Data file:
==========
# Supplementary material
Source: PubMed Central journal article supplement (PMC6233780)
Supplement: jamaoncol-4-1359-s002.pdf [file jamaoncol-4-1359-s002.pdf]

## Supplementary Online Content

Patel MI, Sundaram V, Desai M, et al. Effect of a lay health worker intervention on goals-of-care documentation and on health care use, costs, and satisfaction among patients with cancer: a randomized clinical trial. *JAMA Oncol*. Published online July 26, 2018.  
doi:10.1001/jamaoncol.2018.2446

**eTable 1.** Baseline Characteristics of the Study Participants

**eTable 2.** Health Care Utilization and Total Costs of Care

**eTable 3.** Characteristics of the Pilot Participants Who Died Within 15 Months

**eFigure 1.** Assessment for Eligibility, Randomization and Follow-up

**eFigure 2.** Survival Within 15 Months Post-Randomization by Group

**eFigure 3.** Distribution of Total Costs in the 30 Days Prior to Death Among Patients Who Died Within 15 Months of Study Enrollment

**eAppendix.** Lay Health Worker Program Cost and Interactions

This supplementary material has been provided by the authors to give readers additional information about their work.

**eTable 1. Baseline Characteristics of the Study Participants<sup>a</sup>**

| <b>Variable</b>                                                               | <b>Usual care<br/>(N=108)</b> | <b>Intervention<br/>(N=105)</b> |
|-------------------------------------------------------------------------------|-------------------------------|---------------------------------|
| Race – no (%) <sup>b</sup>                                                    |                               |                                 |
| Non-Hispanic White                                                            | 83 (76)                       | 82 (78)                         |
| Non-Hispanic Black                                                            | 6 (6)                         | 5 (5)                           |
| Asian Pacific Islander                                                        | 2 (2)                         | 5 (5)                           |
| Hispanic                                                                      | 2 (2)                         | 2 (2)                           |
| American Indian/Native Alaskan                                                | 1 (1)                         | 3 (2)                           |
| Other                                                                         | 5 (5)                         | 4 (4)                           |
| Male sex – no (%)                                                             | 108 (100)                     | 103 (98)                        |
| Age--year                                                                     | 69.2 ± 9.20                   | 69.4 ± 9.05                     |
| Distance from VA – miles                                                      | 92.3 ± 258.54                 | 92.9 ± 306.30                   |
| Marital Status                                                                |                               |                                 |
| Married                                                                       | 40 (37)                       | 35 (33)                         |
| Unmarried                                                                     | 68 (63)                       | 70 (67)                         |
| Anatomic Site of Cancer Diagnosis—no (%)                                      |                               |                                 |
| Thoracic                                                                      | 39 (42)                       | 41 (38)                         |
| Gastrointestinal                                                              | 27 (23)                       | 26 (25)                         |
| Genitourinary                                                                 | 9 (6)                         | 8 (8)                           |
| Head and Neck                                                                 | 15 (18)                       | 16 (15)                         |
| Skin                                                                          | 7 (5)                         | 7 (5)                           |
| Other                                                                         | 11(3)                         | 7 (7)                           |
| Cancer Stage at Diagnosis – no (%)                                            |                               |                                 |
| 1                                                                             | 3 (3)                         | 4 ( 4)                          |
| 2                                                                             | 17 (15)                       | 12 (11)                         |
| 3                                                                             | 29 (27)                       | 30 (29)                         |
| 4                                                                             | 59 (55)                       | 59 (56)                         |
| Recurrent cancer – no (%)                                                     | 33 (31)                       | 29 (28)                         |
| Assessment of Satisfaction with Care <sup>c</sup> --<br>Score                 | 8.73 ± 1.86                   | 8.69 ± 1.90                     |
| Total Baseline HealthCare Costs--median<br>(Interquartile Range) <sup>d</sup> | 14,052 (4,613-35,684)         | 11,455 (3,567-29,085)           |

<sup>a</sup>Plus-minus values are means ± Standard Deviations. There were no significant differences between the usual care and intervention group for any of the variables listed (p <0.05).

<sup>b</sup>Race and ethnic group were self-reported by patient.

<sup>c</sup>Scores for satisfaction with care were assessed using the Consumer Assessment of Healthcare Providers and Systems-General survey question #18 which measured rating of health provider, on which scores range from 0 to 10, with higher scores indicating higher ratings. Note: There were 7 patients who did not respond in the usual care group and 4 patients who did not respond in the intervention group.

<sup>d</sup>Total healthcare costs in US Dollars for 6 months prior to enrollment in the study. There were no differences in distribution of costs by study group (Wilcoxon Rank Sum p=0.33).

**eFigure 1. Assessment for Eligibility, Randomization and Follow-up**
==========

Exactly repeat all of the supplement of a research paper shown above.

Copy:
# Supplementary material
Source: PubMed Central journal article supplement (PMC6233780)
Supplement: jamaoncol-4-1359-s002.pdf [file jamaoncol-4-1359-s002.pdf]

## Supplementary Online Content

Patel MI, Sundaram V, Desai M, et al. Effect of a lay health worker intervention on goals-of-care documentation and on health care use, costs, and satisfaction among patients with cancer: a randomized clinical trial. *JAMA Oncol*. Published online July 26, 2018.  
doi:10.1001/jamaoncol.2018.2446

**eTable 1.** Baseline Characteristics of the Study Participants

**eTable 2.** Health Care Utilization and Total Costs of Care

**eTable 3.** Characteristics of the Pilot Participants Who Died Within 15 Months

**eFigure 1.** Assessment for Eligibility, Randomization and Follow-up

**eFigure 2.** Survival Within 15 Months Post-Randomization by Group

**eFigure 3.** Distribution of Total Costs in the 30 Days Prior to Death Among Patients Who Died Within 15 Months of Study Enrollment

**eAppendix.** Lay Health Worker Program Cost and Interactions

This supplementary material has been provided by the authors to give readers additional information about their work.

**eTable 1. Baseline Characteristics of the Study Participants<sup>a</sup>**

| <b>Variable</b>                                                               | <b>Usual care<br/>(N=108)</b> | <b>Intervention<br/>(N=105)</b> |
|-------------------------------------------------------------------------------|-------------------------------|---------------------------------|
| Race – no (%) <sup>b</sup>                                                    |                               |                                 |
| Non-Hispanic White                                                            | 83 (76)                       | 82 (78)                         |
| Non-Hispanic Black                                                            | 6 (6)                         | 5 (5)                           |
| Asian Pacific Islander                                                        | 2 (2)                         | 5 (5)                           |
| Hispanic                                                                      | 2 (2)                         | 2 (2)                           |
| American Indian/Native Alaskan                                                | 1 (1)                         | 3 (2)                           |
| Other                                                                         | 5 (5)                         | 4 (4)                           |
| Male sex – no (%)                                                             | 108 (100)                     | 103 (98)                        |
| Age--year                                                                     | 69.2 ± 9.20                   | 69.4 ± 9.05                     |
| Distance from VA – miles                                                      | 92.3 ± 258.54                 | 92.9 ± 306.30                   |
| Marital Status                                                                |                               |                                 |
| Married                                                                       | 40 (37)                       | 35 (33)                         |
| Unmarried                                                                     | 68 (63)                       | 70 (67)                         |
| Anatomic Site of Cancer Diagnosis—no (%)                                      |                               |                                 |
| Thoracic                                                                      | 39 (42)                       | 41 (38)                         |
| Gastrointestinal                                                              | 27 (23)                       | 26 (25)                         |
| Genitourinary                                                                 | 9 (6)                         | 8 (8)                           |
| Head and Neck                                                                 | 15 (18)                       | 16 (15)                         |
| Skin                                                                          | 7 (5)                         | 7 (5)                           |
| Other                                                                         | 11(3)                         | 7 (7)                           |
| Cancer Stage at Diagnosis – no (%)                                            |                               |                                 |
| 1                                                                             | 3 (3)                         | 4 ( 4)                          |
| 2                                                                             | 17 (15)                       | 12 (11)                         |
| 3                                                                             | 29 (27)                       | 30 (29)                         |
| 4                                                                             | 59 (55)                       | 59 (56)                         |
| Recurrent cancer – no (%)                                                     | 33 (31)                       | 29 (28)                         |
| Assessment of Satisfaction with Care <sup>c</sup> --<br>Score                 | 8.73 ± 1.86                   | 8.69 ± 1.90                     |
| Total Baseline HealthCare Costs--median<br>(Interquartile Range) <sup>d</sup> | 14,052 (4,613-35,684)         | 11,455 (3,567-29,085)           |

<sup>a</sup>Plus-minus values are means ± Standard Deviations. There were no significant differences between the usual care and intervention group for any of the variables listed (p <0.05).

<sup>b</sup>Race and ethnic group were self-reported by patient.

<sup>c</sup>Scores for satisfaction with care were assessed using the Consumer Assessment of Healthcare Providers and Systems-General survey question #18 which measured rating of health provider, on which scores range from 0 to 10, with higher scores indicating higher ratings. Note: There were 7 patients who did not respond in the usual care group and 4 patients who did not respond in the intervention group.

<sup>d</sup>Total healthcare costs in US Dollars for 6 months prior to enrollment in the study. There were no differences in distribution of costs by study group (Wilcoxon Rank Sum p=0.33).

**eFigure 1. Assessment for Eligibility, Randomization and Follow-up**